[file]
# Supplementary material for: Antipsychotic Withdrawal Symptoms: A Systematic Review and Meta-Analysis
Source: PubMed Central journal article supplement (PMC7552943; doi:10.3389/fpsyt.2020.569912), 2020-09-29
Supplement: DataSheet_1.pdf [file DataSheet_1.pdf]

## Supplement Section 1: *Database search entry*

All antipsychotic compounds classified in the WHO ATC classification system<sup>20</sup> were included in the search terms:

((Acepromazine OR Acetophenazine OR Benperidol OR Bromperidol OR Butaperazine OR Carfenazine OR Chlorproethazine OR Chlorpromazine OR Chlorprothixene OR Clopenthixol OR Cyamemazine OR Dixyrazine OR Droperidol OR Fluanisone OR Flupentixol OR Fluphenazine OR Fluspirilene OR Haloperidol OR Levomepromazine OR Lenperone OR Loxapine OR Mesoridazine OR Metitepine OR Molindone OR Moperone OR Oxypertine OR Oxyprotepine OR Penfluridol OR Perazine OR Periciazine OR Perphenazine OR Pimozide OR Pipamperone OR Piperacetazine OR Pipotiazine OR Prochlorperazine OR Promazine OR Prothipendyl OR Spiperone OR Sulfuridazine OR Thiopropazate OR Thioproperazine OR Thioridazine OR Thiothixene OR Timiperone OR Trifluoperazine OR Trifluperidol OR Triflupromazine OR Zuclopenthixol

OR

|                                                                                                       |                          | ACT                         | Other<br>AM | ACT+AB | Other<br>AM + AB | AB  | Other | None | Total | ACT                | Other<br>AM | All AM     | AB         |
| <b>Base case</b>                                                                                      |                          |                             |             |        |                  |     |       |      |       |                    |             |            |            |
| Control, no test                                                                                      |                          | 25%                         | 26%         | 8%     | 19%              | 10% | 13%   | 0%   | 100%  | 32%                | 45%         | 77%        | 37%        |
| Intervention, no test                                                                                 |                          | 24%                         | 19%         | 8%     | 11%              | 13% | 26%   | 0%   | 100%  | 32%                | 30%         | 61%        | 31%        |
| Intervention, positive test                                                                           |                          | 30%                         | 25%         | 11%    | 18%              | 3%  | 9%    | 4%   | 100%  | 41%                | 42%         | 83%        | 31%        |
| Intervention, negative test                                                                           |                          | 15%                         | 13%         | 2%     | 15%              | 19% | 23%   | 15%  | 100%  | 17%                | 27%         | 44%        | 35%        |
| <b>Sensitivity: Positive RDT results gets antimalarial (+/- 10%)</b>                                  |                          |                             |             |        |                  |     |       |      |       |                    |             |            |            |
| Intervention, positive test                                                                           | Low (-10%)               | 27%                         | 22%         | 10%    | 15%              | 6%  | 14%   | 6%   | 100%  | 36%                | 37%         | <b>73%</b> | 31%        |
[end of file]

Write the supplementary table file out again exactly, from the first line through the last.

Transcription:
# Supplementary material for: Antipsychotic Withdrawal Symptoms: A Systematic Review and Meta-Analysis
Source: PubMed Central journal article supplement (PMC7552943; doi:10.3389/fpsyt.2020.569912), 2020-09-29
Supplement: DataSheet_1.pdf [file DataSheet_1.pdf]

## Supplement Section 1: *Database search entry*

All antipsychotic compounds classified in the WHO ATC classification system<sup>20</sup> were included in the search terms:

((Acepromazine OR Acetophenazine OR Benperidol OR Bromperidol OR Butaperazine OR Carfenazine OR Chlorproethazine OR Chlorpromazine OR Chlorprothixene OR Clopenthixol OR Cyamemazine OR Dixyrazine OR Droperidol OR Fluanisone OR Flupentixol OR Fluphenazine OR Fluspirilene OR Haloperidol OR Levomepromazine OR Lenperone OR Loxapine OR Mesoridazine OR Metitepine OR Molindone OR Moperone OR Oxypertine OR Oxyprotepine OR Penfluridol OR Perazine OR Periciazine OR Perphenazine OR Pimozide OR Pipamperone OR Piperacetazine OR Pipotiazine OR Prochlorperazine OR Promazine OR Prothipendyl OR Spiperone OR Sulfuridazine OR Thiopropazate OR Thioproperazine OR Thioridazine OR Thiothixene OR Timiperone OR Trifluoperazine OR Trifluperidol OR Triflupromazine OR Zuclopenthixol

OR

|                                                                                                       |                          | ACT                         | Other<br>AM | ACT+AB | Other<br>AM + AB | AB  | Other | None | Total | ACT                | Other<br>AM | All AM     | AB         |
| <b>Base case</b>                                                                                      |                          |                             |             |        |                  |     |       |      |       |                    |             |            |            |
| Control, no test                                                                                      |                          | 25%                         | 26%         | 8%     | 19%              | 10% | 13%   | 0%   | 100%  | 32%                | 45%         | 77%        | 37%        |
| Intervention, no test                                                                                 |                          | 24%                         | 19%         | 8%     | 11%              | 13% | 26%   | 0%   | 100%  | 32%                | 30%         | 61%        | 31%        |
| Intervention, positive test                                                                           |                          | 30%                         | 25%         | 11%    | 18%              | 3%  | 9%    | 4%   | 100%  | 41%                | 42%         | 83%        | 31%        |
| Intervention, negative test                                                                           |                          | 15%                         | 13%         | 2%     | 15%              | 19% | 23%   | 15%  | 100%  | 17%                | 27%         | 44%        | 35%        |
| <b>Sensitivity: Positive RDT results gets antimalarial (+/- 10%)</b>                                  |                          |                             |             |        |                  |     |       |      |       |                    |             |            |            |
| Intervention, positive test                                                                           | Low (-10%)               | 27%                         | 22%         | 10%    | 15%              | 6%  | 14%   | 6%   | 100%  | 36%                | 37%         | <b>73%</b> | 31%        |